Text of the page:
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Upon the green and rolling forest-tops, And down into the secrets of the giens, And streams that with their bordering
To hide their windings. Thou shalt gaze,
Here on white villages, and tilth, and herds, And swarming roads, and there on soli
That only hear the torrent, and the wind, And eagle's shrick. There is a precipice That seems a fragment of some mighty wall,
Built by the hand that fashioned the old world,
To separate its nations, and thrown down When the flood drowned them. To the north, a path
Conducts you up the narrow battlement. Steep is the western side, shaggy and wild
With mossy trees, and pinnacles of flint, And many a hanging crag. But, to the east,
Sheer to the vale go down the bare old cliffs
Huge pillars, that in middle heaven up
There is a tale about these reverend rocks,
A sad tradition of unhappy love,
His game in the thick woods. There was a maid,
The fairest of the Indian maids, brighteyed,
With wealth of raven tresses, a light form, And a gay heart. About her cabin-door The wide old woods resounded with her song
And fairy laughter all the summer day. She loved her cousin; such a love was deemed,
And all the hunters of the tribe were out; Nor when they gathered from the rustling husk
The shining ear; nor when, by the river's side,
They pulled the grape and startled the wild shades
With sounds of mirth. The keen-eyed Indian dames
Would whisper to each other, as they saw Her wasting form, and say, The girl will die.
The solitude. Thou art in the soft winds That run along the summit of these trees In music; Thou art in the cooler breath That from the inmost darkness of the place Comes, scarcely felt; the barky trunks, the ground,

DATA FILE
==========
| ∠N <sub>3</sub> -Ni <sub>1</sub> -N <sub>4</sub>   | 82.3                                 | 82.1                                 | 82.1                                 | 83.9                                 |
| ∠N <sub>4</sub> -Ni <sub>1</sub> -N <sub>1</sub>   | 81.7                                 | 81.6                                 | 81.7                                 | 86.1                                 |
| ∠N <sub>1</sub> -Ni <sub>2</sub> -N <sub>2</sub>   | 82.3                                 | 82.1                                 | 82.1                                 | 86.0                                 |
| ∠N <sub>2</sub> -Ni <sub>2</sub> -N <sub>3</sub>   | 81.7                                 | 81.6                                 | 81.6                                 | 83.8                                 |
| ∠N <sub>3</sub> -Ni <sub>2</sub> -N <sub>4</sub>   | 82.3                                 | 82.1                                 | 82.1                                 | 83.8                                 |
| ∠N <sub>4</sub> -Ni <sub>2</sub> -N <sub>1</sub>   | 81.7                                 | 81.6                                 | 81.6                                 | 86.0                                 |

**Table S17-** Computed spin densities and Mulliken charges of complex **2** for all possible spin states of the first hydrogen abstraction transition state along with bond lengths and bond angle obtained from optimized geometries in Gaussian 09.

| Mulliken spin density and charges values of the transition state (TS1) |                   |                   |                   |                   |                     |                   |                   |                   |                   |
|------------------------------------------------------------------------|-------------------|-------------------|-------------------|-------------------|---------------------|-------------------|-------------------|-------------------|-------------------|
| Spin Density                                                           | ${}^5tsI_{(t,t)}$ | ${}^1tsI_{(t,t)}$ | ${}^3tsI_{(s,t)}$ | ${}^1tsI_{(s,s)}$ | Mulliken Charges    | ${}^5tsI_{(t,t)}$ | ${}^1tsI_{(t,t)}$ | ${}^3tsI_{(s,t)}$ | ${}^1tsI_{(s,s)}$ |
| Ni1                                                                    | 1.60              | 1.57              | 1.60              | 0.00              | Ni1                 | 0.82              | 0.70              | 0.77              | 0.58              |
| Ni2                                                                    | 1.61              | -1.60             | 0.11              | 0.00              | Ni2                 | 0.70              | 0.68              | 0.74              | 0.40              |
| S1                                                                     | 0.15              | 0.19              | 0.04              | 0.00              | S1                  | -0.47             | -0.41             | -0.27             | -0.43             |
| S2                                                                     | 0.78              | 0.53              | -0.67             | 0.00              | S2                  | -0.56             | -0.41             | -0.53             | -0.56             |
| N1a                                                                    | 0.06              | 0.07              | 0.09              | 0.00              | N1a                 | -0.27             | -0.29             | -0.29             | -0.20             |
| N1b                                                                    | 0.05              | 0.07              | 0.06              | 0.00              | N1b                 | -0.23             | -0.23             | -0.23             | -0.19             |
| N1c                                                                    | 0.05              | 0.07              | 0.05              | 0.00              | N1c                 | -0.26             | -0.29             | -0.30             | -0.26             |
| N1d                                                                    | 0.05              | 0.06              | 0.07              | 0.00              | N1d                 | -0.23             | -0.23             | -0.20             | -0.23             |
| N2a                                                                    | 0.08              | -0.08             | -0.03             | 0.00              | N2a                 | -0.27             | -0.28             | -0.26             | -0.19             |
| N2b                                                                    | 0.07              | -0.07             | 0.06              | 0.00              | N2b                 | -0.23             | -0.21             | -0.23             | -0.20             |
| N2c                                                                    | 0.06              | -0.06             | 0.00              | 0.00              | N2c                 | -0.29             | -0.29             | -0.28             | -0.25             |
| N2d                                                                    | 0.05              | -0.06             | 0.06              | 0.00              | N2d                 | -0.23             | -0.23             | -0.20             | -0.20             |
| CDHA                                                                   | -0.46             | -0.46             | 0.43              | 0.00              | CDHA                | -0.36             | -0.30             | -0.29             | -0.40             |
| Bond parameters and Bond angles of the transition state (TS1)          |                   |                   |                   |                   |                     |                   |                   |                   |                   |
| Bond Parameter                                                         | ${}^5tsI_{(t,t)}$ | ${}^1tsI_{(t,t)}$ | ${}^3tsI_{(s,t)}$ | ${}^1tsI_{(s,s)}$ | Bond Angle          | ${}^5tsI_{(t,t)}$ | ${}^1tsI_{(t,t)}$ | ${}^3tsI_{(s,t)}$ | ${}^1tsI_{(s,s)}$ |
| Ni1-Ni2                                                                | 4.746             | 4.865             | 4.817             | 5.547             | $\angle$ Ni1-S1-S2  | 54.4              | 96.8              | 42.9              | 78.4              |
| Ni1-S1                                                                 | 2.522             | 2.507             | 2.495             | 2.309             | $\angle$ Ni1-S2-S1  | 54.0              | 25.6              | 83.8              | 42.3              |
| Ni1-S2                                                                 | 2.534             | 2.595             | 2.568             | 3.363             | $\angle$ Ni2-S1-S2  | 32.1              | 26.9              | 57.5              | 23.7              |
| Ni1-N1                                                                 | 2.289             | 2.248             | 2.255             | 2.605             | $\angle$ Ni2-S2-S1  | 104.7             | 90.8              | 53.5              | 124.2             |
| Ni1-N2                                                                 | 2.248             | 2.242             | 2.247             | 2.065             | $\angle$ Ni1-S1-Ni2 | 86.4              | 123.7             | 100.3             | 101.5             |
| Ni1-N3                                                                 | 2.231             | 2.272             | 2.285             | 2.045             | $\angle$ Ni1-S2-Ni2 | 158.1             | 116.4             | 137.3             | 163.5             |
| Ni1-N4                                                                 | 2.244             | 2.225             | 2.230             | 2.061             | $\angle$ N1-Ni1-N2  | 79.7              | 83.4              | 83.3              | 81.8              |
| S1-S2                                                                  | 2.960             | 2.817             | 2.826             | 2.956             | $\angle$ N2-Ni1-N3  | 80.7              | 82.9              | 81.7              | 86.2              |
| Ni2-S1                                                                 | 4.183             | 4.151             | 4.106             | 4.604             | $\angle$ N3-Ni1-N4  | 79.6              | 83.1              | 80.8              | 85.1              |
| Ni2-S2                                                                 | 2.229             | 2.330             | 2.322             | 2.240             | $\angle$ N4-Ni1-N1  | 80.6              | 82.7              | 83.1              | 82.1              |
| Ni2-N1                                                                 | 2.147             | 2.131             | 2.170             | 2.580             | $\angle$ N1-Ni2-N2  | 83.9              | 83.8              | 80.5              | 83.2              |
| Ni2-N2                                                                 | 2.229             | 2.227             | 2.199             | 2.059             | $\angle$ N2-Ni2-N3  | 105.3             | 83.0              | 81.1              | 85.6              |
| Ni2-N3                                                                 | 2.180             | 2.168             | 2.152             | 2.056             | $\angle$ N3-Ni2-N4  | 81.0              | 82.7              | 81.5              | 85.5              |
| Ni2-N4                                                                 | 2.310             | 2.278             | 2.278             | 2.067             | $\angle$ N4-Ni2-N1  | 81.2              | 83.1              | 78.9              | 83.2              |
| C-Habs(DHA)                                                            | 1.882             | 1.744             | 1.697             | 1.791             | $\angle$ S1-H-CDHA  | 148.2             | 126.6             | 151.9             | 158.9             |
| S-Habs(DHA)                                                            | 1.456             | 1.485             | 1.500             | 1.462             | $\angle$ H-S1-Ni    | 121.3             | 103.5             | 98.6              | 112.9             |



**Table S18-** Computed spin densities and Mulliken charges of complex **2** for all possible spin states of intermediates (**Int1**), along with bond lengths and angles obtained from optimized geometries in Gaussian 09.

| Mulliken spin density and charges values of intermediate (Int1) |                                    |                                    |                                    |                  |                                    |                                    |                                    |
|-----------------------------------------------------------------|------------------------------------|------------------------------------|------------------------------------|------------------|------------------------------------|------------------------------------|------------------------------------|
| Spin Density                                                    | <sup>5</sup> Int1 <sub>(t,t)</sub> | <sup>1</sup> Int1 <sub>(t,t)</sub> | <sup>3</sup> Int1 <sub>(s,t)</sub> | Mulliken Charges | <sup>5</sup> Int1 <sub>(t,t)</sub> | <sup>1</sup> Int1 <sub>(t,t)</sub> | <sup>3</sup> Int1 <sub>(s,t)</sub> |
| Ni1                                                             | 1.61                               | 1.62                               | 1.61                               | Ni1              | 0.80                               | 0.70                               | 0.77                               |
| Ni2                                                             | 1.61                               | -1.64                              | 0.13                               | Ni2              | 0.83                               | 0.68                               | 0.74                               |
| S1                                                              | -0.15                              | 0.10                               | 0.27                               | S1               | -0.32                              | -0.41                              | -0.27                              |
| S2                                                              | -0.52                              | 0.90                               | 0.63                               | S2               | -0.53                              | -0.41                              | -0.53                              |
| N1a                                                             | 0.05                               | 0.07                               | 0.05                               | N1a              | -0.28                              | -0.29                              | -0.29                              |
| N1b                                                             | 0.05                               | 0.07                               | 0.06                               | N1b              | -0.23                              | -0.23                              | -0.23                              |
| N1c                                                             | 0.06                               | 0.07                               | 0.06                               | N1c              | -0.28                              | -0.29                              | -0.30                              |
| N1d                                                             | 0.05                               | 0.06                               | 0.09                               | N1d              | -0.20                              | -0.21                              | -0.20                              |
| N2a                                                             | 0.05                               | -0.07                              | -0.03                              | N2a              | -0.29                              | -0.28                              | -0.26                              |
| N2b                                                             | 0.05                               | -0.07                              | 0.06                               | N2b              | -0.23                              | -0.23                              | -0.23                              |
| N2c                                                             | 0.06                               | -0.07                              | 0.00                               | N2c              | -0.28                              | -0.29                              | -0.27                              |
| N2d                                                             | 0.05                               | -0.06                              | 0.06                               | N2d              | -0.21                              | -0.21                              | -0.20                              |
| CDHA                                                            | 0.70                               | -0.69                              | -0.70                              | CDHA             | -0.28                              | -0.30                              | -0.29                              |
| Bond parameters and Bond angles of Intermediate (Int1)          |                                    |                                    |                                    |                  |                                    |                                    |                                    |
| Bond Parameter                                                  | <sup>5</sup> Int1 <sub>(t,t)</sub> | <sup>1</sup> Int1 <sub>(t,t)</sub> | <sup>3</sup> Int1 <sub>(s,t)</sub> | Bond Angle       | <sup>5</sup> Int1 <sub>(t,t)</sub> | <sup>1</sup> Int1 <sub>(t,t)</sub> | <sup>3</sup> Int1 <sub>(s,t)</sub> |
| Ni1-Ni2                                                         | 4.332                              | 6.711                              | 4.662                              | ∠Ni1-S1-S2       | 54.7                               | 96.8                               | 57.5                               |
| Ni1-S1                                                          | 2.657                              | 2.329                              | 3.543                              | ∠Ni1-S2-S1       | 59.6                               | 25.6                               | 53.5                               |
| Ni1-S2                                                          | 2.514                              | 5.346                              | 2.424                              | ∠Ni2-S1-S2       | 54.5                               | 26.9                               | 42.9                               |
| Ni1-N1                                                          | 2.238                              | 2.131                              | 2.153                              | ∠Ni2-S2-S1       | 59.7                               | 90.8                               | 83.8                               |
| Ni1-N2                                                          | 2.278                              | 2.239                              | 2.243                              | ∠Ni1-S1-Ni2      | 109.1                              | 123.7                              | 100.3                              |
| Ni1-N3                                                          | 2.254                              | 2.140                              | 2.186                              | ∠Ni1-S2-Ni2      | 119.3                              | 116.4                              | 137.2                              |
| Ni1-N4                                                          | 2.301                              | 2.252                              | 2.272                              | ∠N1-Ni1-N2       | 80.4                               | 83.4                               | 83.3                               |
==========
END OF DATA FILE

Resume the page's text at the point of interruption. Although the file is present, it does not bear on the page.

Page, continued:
The fresh moist ground, are all instinct with Thee.
Here is continual worship; - Nature, here, In the tranquillity that Thou dost love, Enjoys thy presence. Noiselessly, around, From perch to perch, the solitary bird Passes; and yon clear spring, that, midst its herbs,
Wells softly forth and wandering steeps the
Upon the tyrant's throne the sepulchre, And of the triumphs of his ghastly foe Makes his own nourishment. For he came forth
From thine own bosom, and shall have no end.
The generation born with them, nor seemed Less aged than the hoary trees and rocks Around them; and there have been holy
Who deemed it were not well to pass life thus.
But let me often to these solitudes
Dost scare the world with tempests, set on fire
The heavens with falling thunderbolts, or fill,
With all the waters of the firmament,
And drowns the villages; when, at thy call,
who forgets not, at the sight
1 These are lines of whose great rhythmical beauty it is scarcely possible to speak too highly.' (POE.)
2 Among the minor poems of Bryant, none has so much impressed me as the one which he entitles June.' The rhythmical flow, here, is even voluptuous -nothing could be more melodious. The poem has always affected me in a remarkable manner. The intense melancholy which seems to well up, perforce, to the surface of all the poet's cheerful sayings about his grave, we find thrilling us to the soul while there is the truest poetic elevation in the thrill. The impression left is one of a pleasurable sadness. And if, in the remaining compositions which I shall introduce to you, there be more or less of a similar tone always apparent, let me remind you that (how or why we know not) this certain taint of sadness is inseparably connected with all the higher manifestations of true Beauty. (POE.)
AY, thou art welcome, heaven's delicious breath!
When woods begin to wear the crimson leaf, And suns grow meek, and the meek suns grow brief,
And the year smiles as it draws near its death.
Wind of the sunny south! oh, still delay In the gay woods and in the golden air, Like to a good old age released from care, Journeying, in long serenity, away.
In such a bright, late quiet, would that I
3 Bryant died in the month of June (1878), and was buried in the beautiful village cemetery at Roslyn, Long Island.